Similarly, Mundell's postpartum program includes an eight-week "core-floor restore" program of daily core and pelvic floor strengthening exercises that can be completed at home in 6 to 7 minutes. Mundell recommends that women visit a pelvic floor physiotherapy specialist for an internal exam to ensure that the pelvic floor muscles are functioning well and there's no prolapse of the organs happening; she has healthy clients wait two weeks after delivery to begin the two-phase regimen. The first four weeks focuses on rebuilding a strong foundation—important recovery and healing is still taking place during this early postpartum period so Mundell keeps moves basic with an emphasis on restoring proper alignment.
"In pregnancy, we tend to see alignment change because there's so much weight on the front side of the body—usually the pelvis will drive forward and the rib cage will fall back to counteract the new weight on the front side of the body," says Mundell. "Postpartum, we're seeing that still happen, so we need to adjust and get that rib cage back over top of the pelvis in order for our body to create core stability."
The second four weeks is a kicked-up strength-building phase that includes core training, abdominal activation, low back moves and exercises for the pelvic floor and glutes. Mundell usually gives the green light to return to total body, low-impact, interval-based strength training at six weeks postpartum.
"Circuit-style training can be great for keeping the heart rate pretty high during the workout. Say we have a circuit of 4 exercises with 10 to 15 reps of those exercises and we go through rounds at a pretty quick pace with good form," says Mundell. "Then we rest and let the heart rate come back down before getting back into it. That's what we typically want with cardio activity—interval training, which is usually our biggest bang for our buck if we're talking about fat loss."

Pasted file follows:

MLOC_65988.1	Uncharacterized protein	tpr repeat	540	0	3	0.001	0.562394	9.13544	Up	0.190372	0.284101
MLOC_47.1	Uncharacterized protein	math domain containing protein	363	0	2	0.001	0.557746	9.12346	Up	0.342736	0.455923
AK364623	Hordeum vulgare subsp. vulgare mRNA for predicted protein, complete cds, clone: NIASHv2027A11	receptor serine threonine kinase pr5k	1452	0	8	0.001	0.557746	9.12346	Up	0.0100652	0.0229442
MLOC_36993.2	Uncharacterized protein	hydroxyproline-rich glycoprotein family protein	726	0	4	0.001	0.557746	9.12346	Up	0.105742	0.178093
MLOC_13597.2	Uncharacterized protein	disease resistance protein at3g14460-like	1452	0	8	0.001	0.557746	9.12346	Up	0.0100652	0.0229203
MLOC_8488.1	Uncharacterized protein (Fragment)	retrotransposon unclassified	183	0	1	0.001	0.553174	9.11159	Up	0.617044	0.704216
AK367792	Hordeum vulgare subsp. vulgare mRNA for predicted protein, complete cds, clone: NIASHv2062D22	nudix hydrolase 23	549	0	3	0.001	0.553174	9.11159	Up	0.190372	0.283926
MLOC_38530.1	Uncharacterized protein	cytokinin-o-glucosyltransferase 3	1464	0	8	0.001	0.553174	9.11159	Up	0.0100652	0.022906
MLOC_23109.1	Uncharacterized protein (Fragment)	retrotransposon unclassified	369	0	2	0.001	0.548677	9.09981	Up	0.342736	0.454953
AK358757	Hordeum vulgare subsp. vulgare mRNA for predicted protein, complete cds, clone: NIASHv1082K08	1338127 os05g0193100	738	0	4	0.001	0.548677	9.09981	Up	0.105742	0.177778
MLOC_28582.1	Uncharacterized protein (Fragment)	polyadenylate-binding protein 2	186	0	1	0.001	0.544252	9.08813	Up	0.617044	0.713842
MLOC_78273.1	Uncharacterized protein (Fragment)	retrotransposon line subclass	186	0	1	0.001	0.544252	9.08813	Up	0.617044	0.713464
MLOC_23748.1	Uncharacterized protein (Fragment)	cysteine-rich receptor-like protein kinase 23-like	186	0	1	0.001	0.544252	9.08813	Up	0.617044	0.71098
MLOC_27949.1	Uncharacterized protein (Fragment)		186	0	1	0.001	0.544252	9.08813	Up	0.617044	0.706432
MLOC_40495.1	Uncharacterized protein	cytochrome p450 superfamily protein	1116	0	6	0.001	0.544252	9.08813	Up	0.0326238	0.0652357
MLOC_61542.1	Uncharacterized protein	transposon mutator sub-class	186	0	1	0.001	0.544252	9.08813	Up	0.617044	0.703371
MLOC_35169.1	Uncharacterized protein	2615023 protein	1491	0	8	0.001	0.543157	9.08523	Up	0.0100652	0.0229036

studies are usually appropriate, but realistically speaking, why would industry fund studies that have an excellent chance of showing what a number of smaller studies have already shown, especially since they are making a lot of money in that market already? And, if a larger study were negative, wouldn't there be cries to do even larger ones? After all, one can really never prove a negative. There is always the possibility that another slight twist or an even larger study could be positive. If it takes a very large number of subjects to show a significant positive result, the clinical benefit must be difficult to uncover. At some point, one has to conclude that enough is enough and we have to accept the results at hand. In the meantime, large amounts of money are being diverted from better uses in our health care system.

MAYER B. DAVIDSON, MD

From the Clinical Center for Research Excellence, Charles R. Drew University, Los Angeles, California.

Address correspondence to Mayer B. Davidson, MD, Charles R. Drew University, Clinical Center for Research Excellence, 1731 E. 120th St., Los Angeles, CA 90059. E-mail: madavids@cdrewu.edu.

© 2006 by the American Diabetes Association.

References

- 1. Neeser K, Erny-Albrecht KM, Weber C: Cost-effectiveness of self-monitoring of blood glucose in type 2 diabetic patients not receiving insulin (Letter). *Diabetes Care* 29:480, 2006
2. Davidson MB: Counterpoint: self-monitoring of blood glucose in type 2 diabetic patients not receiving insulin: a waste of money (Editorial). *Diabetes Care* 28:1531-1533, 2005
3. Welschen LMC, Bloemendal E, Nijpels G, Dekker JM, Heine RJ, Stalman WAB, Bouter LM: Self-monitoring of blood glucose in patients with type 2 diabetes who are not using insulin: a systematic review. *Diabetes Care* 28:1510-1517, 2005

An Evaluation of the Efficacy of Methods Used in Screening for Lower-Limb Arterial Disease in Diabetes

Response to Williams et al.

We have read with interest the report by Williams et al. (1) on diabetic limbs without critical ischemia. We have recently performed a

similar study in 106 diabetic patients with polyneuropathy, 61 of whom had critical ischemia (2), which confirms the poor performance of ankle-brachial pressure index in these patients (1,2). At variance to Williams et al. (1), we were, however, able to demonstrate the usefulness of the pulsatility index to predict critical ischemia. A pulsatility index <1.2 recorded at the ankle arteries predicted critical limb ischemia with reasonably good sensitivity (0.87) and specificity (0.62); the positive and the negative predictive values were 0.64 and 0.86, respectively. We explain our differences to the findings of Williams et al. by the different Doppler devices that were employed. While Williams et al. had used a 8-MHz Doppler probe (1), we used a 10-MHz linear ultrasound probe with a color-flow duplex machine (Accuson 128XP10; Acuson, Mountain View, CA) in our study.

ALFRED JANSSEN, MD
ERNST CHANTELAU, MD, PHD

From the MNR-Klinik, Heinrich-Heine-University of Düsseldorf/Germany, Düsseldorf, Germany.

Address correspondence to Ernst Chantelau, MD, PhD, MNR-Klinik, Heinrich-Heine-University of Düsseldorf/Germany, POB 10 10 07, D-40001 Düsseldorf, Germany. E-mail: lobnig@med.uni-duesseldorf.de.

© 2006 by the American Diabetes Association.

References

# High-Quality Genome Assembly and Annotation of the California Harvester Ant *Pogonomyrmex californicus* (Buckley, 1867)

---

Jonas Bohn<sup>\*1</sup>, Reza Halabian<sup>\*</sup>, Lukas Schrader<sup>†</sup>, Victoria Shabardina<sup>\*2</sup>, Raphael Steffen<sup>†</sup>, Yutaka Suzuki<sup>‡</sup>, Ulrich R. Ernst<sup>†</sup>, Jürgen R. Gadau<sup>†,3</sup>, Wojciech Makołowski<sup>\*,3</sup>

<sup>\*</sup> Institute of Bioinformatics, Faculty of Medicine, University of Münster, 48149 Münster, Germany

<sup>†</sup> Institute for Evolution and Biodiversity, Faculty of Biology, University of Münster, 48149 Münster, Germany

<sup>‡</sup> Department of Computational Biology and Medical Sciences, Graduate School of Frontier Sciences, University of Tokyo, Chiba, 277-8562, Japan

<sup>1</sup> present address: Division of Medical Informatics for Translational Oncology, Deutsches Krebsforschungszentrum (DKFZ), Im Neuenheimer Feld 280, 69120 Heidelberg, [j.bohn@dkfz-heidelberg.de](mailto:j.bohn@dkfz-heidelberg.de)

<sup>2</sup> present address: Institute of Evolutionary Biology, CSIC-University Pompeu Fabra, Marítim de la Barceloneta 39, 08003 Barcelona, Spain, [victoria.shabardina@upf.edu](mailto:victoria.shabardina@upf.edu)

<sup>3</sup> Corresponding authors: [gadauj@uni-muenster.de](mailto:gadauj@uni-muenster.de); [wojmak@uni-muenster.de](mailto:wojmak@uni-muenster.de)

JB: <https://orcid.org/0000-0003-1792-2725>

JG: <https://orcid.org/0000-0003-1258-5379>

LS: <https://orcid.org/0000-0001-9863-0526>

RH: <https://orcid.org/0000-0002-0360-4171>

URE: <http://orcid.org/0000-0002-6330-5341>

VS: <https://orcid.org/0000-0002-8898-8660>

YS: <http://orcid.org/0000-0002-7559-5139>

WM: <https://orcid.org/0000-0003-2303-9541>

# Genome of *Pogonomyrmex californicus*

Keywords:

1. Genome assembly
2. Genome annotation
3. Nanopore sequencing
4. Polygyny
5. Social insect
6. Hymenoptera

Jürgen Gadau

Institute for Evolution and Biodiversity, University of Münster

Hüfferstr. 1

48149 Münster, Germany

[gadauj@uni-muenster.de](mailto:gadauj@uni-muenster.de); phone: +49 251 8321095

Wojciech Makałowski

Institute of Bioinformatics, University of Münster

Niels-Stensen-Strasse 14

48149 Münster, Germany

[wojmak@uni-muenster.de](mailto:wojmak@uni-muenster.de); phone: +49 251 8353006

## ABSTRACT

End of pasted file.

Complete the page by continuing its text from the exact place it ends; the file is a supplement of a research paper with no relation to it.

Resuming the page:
To be clear, none of Mundell's workouts include high-impact moves in the first four to six months postpartum. Mundell recommends low-impact strength training circuits, walking, swimming and even cycling as preferred forms of exercise and stress release during this critical recovery period.
"In pregnancy, we have all this weight, this downward pressure onto the pelvic floor, organs, muscles and connective tissue. Not only do we have that weight pushing downwards, but we also have hormonal fluctuations in the body that are making the connective tissues more lax and loose," explains Mundell. "We just don't have the support in the pelvis that holds vital organ—the bladder, uterus and rectum—up in the spots they should be in [postpartum]."
Resuming or starting impact activities like running, where your feet strike the ground hundreds of times per minute, on a core that isn't stable can cause injury and exacerbate conditions such as incontinence and prolapse.